1911 Encyclopædia Britannica/Anemone
ANEMONE, or Wind-Flower (from the Gr. ἄνεμος, wind), a genus of the buttercup order (Ranunculaceae), containing about ninety species in the north and south temperate zones. Anemone nemorosa, wood anemone, and A. Pulsatilla, Pasque-flower, occur in Britain; the latter is found on chalk downs and limestone pastures in some of the more southern and eastern counties. The plants are perennial herbs with an underground rootstock, and radical, more or less deeply cut, leaves. The elongated flower stem bears one or several, white, red, blue or rarely yellow, flowers; there is an involucre of three leaflets below each flower. The fruits often bear long hairy styles which aid their distribution by the wind. Many of the species are favourite garden plants; among the best known is Anemone coronaria, often called the poppy anemone, a tuberous-rooted plant, with parsley-like divided leaves, and large showy poppy-like blossoms on stalks of from 6 to 9 in. high; the flowers are of various colours, but the principal are scarlet, crimson, blue, purple and white. There are also double-flowered varieties, in which the stamens in the centre are replaced by a tuft of narrow petals. It is an old garden favourite, and of the double forms there are named varieties. They grow best in a loamy soil, enriched with well-rotted manure, which should be dug in below the tubers. These may be planted in October, and for succession in January, the autumn-planted ones being protected by a covering of leaves or short stable litter. They will flower in May and June, and when the leaves have ripened should be taken up into a dry room till planting time. They are easily raised from the seed, and a bed of the single varieties is a valuable addition to a flower-garden, as it affords, in a warm situation, an abundance of handsome and often brilliant spring flowers, almost as early as the snowdrop or crocus. The genus contains many other lively spring-blooming plants, of which A. hortensis and A. fulgens have less divided leaves and splendid rosy-purple or scarlet flowers; they require similar treatment. Another set is represented by A. Pulsatilla, the Pasque-flower, whose violet blossoms have the outer surface hairy; these prefer a calcareous soil. The splendid A. japonica, and its white variety called Honorine Joubert, the latter especially, are amongst the finest of autumn-blooming hardy perennials; they grow well in light soil, and reach 2½ to 3 ft. in height, blooming continually for several weeks. A group of dwarf species, represented by the native British A. nemorosa and A. apennina, are amongst the most beautiful of spring flowers for planting in woods and shady places.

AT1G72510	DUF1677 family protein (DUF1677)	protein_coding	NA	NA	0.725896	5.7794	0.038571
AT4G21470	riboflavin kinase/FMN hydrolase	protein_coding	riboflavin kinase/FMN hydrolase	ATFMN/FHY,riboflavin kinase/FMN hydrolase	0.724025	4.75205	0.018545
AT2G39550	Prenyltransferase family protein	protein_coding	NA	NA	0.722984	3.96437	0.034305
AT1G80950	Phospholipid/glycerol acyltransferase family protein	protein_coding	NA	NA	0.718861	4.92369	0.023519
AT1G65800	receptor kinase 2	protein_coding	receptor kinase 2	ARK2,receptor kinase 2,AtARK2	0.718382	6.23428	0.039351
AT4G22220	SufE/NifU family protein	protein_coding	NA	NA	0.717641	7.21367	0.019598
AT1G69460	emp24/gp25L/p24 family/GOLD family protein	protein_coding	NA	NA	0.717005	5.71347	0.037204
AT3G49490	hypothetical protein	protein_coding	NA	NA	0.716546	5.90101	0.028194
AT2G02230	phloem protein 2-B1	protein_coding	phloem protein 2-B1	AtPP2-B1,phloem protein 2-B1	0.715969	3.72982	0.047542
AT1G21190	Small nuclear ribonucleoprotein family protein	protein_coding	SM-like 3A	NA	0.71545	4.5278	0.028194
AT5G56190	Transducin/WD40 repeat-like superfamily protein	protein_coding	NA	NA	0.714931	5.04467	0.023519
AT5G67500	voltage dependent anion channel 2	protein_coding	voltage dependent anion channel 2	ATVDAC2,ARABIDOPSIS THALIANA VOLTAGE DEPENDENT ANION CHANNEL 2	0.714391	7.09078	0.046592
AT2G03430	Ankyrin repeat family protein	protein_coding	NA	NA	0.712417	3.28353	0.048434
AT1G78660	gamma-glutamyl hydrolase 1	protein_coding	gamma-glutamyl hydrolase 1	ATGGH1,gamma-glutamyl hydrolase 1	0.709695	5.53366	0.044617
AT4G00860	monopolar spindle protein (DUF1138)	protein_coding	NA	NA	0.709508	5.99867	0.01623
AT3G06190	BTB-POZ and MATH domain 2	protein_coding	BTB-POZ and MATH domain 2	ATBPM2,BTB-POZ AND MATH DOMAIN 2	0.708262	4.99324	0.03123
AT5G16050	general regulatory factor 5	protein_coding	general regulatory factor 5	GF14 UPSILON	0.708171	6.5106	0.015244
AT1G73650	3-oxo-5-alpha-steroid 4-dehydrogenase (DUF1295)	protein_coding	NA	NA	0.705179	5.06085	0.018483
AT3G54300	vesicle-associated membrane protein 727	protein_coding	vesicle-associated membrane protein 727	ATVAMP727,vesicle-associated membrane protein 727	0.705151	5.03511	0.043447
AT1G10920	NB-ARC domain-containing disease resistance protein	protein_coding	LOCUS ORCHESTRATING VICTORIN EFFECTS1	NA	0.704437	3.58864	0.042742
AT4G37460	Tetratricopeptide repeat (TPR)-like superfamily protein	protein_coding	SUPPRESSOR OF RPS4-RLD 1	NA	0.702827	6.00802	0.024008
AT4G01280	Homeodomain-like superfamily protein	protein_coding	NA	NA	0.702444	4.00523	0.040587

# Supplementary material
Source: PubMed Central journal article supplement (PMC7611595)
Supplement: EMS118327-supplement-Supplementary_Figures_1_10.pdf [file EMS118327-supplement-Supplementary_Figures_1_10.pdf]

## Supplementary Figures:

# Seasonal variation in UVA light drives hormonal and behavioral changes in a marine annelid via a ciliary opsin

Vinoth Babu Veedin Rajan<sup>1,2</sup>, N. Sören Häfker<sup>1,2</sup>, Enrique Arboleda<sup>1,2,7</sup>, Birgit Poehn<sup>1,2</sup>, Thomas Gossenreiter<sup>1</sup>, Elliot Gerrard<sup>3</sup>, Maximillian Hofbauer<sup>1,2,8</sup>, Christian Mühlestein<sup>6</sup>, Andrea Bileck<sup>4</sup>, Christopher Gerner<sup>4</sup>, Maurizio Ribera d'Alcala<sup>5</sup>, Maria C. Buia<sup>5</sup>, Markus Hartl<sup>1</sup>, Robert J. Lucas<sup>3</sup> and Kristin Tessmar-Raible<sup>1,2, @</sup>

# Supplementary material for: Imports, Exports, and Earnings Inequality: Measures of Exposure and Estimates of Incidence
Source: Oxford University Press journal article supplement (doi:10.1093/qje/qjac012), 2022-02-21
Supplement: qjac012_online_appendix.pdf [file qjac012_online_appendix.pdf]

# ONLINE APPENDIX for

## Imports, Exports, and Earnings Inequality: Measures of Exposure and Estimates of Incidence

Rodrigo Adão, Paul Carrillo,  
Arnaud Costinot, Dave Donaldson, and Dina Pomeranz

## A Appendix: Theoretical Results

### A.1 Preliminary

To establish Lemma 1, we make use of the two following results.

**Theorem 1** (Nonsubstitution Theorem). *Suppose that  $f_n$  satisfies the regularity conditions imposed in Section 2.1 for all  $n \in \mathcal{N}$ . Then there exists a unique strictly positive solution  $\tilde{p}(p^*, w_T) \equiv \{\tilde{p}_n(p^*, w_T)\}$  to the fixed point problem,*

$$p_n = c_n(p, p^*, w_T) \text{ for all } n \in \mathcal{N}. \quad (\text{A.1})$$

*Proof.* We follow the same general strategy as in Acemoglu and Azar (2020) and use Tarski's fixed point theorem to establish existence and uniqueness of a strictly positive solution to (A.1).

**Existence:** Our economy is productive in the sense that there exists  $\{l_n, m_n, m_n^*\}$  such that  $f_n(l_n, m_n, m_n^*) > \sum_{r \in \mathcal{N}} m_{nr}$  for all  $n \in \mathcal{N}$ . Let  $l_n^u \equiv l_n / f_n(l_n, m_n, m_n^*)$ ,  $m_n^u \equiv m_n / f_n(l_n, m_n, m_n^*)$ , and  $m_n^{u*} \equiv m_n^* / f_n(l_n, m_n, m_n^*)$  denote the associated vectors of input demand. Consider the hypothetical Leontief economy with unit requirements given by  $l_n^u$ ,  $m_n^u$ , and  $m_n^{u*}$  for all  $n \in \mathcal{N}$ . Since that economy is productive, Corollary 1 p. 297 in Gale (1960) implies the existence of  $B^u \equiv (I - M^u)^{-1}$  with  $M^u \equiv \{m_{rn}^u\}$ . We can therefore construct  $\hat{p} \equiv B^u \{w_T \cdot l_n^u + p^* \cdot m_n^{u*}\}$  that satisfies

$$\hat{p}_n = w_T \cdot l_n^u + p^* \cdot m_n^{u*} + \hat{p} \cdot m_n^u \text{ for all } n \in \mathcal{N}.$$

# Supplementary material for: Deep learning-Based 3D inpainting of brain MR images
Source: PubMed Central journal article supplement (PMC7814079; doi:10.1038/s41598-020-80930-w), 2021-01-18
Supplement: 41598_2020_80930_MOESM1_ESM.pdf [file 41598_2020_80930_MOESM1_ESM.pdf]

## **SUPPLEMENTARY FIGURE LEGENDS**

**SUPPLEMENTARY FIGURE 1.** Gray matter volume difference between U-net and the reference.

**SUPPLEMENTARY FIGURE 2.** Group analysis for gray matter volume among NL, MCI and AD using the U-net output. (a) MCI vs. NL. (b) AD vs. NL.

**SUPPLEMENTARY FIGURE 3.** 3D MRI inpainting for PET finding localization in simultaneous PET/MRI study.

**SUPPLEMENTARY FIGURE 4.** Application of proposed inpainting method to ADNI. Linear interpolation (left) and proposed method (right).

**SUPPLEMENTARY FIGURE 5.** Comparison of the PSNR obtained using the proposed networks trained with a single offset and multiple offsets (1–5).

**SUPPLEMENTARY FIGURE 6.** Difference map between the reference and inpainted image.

The genus Hepatica is now generally included in anemone as a subgenus. The plants are known in gardens as hepaticas, and are varieties of the common South European A. Hepatica; they are charming spring-flowering plants with usually blue flowers.